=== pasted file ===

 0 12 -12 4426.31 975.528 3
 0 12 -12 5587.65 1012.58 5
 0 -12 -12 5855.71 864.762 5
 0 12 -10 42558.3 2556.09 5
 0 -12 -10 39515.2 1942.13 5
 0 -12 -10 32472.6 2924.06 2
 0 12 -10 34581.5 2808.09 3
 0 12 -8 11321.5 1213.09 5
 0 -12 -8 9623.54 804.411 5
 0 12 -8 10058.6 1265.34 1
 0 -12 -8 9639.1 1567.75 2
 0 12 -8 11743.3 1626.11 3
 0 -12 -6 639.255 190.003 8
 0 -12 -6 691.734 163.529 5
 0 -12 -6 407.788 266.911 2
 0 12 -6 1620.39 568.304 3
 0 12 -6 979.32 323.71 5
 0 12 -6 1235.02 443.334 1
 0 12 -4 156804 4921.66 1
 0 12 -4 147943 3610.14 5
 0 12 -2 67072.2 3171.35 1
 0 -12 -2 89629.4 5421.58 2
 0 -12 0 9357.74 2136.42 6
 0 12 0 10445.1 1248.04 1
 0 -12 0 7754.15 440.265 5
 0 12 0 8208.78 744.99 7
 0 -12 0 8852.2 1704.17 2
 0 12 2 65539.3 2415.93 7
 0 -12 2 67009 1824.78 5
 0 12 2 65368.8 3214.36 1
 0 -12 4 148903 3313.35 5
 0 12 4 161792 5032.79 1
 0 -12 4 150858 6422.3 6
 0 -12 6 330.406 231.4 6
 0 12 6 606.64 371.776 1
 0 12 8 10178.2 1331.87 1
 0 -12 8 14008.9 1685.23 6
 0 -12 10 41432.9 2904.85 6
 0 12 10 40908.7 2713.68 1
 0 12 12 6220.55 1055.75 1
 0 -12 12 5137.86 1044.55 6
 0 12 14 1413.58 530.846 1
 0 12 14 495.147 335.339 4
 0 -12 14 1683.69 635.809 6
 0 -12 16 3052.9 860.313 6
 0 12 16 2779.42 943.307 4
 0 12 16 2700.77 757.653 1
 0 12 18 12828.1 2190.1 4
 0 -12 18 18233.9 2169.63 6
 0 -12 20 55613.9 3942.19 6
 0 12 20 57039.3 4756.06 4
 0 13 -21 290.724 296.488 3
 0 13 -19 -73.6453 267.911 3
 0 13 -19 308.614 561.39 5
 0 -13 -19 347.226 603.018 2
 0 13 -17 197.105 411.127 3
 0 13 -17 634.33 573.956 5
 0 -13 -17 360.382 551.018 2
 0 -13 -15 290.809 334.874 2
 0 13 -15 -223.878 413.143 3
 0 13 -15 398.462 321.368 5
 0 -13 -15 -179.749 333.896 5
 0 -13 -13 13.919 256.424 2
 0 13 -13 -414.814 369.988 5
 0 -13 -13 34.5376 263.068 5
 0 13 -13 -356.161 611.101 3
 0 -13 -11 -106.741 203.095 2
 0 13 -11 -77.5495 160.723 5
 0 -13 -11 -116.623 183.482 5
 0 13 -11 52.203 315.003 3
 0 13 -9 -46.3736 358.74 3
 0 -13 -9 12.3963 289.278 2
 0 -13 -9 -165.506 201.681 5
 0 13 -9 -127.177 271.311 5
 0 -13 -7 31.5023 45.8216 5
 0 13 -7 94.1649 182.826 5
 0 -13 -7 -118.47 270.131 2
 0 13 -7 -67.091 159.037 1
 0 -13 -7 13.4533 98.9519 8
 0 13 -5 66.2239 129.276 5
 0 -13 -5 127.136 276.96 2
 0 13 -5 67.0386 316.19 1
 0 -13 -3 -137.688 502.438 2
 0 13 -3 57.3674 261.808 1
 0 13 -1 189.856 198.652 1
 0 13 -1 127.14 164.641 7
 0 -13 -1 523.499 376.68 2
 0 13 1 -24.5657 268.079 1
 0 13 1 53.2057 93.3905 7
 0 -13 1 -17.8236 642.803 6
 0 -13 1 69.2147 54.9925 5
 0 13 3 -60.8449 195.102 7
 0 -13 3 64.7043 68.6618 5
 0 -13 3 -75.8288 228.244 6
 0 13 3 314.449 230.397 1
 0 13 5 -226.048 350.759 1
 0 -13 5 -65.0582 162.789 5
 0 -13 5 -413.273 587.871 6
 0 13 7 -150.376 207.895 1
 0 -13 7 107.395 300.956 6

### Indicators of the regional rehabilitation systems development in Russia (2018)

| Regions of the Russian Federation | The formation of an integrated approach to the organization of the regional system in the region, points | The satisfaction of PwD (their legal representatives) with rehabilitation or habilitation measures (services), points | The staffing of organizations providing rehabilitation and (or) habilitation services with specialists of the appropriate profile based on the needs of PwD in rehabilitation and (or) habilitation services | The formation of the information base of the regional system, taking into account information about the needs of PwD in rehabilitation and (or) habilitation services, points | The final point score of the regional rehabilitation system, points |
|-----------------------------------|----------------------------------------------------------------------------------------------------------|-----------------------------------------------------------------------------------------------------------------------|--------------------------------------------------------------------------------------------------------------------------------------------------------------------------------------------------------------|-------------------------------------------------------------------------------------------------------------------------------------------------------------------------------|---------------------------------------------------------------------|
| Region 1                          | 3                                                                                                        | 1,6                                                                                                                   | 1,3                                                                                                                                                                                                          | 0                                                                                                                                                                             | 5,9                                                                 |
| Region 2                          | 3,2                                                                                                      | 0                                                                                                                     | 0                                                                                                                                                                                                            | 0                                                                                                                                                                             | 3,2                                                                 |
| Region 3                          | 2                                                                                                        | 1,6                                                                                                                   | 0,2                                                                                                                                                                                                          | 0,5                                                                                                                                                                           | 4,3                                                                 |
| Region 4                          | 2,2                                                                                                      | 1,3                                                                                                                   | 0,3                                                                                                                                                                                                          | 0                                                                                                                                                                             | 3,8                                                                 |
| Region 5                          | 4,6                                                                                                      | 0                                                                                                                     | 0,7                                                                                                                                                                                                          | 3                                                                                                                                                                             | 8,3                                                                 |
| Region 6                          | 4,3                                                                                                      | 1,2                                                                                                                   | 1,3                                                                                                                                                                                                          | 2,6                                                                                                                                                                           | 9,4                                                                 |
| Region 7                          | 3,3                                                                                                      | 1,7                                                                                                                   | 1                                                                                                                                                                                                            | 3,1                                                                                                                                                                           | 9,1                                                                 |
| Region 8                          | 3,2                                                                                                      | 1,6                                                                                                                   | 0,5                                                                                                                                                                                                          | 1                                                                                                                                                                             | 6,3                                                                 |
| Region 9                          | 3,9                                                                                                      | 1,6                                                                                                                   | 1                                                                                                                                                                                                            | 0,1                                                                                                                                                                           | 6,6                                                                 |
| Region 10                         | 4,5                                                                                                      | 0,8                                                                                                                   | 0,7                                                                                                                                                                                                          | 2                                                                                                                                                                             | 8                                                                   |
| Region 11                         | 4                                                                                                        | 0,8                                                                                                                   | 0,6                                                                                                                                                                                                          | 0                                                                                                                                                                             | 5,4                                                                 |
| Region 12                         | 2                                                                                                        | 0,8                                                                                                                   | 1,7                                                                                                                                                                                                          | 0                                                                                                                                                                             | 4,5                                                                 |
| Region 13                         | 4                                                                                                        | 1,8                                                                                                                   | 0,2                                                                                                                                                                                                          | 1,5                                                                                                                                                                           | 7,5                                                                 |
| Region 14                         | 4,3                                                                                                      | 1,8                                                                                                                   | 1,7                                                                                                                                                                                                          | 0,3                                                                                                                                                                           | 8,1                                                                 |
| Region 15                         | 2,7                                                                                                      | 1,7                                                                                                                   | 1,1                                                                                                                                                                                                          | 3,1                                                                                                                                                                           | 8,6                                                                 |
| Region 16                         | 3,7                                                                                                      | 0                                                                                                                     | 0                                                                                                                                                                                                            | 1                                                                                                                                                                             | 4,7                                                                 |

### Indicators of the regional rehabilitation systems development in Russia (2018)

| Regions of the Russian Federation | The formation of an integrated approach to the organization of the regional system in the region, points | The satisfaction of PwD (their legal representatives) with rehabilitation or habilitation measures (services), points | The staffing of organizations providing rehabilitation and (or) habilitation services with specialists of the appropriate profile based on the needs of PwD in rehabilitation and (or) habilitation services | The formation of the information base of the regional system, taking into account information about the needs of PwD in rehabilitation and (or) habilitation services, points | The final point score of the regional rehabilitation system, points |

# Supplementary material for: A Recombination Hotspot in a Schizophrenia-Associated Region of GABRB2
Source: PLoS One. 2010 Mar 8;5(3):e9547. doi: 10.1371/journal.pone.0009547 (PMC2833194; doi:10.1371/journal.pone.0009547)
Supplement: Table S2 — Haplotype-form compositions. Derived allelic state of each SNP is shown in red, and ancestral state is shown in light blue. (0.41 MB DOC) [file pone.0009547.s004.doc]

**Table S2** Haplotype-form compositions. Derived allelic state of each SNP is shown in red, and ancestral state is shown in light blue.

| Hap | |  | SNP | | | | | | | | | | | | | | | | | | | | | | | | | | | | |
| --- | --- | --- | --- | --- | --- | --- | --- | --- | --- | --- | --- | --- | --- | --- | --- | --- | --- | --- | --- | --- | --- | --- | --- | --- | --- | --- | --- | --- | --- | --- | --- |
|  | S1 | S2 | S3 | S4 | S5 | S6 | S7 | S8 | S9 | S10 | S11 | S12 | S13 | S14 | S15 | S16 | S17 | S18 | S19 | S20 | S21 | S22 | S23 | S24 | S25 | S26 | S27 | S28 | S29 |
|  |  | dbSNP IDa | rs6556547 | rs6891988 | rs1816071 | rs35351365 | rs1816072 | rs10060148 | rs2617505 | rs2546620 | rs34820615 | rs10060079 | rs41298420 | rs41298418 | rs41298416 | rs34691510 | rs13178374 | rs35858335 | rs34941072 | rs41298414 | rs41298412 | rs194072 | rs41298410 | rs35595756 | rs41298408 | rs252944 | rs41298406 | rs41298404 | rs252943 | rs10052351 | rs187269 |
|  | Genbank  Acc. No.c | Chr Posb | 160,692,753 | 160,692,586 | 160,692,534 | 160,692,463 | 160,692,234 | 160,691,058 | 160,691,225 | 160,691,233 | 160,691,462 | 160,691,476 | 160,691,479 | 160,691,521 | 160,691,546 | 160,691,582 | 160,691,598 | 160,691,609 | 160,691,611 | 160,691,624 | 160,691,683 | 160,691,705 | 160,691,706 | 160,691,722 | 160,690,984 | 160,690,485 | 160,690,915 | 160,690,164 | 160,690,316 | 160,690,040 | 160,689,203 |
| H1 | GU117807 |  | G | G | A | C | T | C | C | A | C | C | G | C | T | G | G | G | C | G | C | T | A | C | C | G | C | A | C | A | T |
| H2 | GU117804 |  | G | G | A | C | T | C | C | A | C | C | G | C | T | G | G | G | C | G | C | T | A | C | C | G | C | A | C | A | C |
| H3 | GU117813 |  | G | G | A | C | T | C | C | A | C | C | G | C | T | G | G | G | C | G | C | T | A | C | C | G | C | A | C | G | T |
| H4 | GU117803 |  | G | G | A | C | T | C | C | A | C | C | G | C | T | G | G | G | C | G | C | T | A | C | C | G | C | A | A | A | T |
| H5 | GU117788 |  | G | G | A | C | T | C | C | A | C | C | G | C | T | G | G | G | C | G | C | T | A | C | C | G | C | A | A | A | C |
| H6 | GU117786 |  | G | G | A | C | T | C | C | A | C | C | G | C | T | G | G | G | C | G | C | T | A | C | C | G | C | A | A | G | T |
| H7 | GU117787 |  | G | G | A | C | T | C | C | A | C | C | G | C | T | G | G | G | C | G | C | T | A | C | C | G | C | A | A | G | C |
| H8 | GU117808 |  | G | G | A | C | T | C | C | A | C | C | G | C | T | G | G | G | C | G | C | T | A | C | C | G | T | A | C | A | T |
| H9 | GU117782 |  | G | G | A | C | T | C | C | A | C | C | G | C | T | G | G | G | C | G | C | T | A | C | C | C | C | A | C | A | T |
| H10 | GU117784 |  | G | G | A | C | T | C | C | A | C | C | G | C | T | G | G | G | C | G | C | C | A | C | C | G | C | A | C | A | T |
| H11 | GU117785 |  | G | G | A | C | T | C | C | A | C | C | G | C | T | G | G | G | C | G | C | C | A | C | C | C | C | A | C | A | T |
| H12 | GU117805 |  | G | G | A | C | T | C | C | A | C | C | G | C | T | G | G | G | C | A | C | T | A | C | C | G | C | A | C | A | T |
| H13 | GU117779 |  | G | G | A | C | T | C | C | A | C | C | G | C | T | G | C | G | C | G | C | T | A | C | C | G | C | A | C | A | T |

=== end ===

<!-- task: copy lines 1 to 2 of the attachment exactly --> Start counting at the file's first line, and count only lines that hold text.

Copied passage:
 0 12 -12 4426.31 975.528 3
 0 12 -12 5587.65 1012.58 5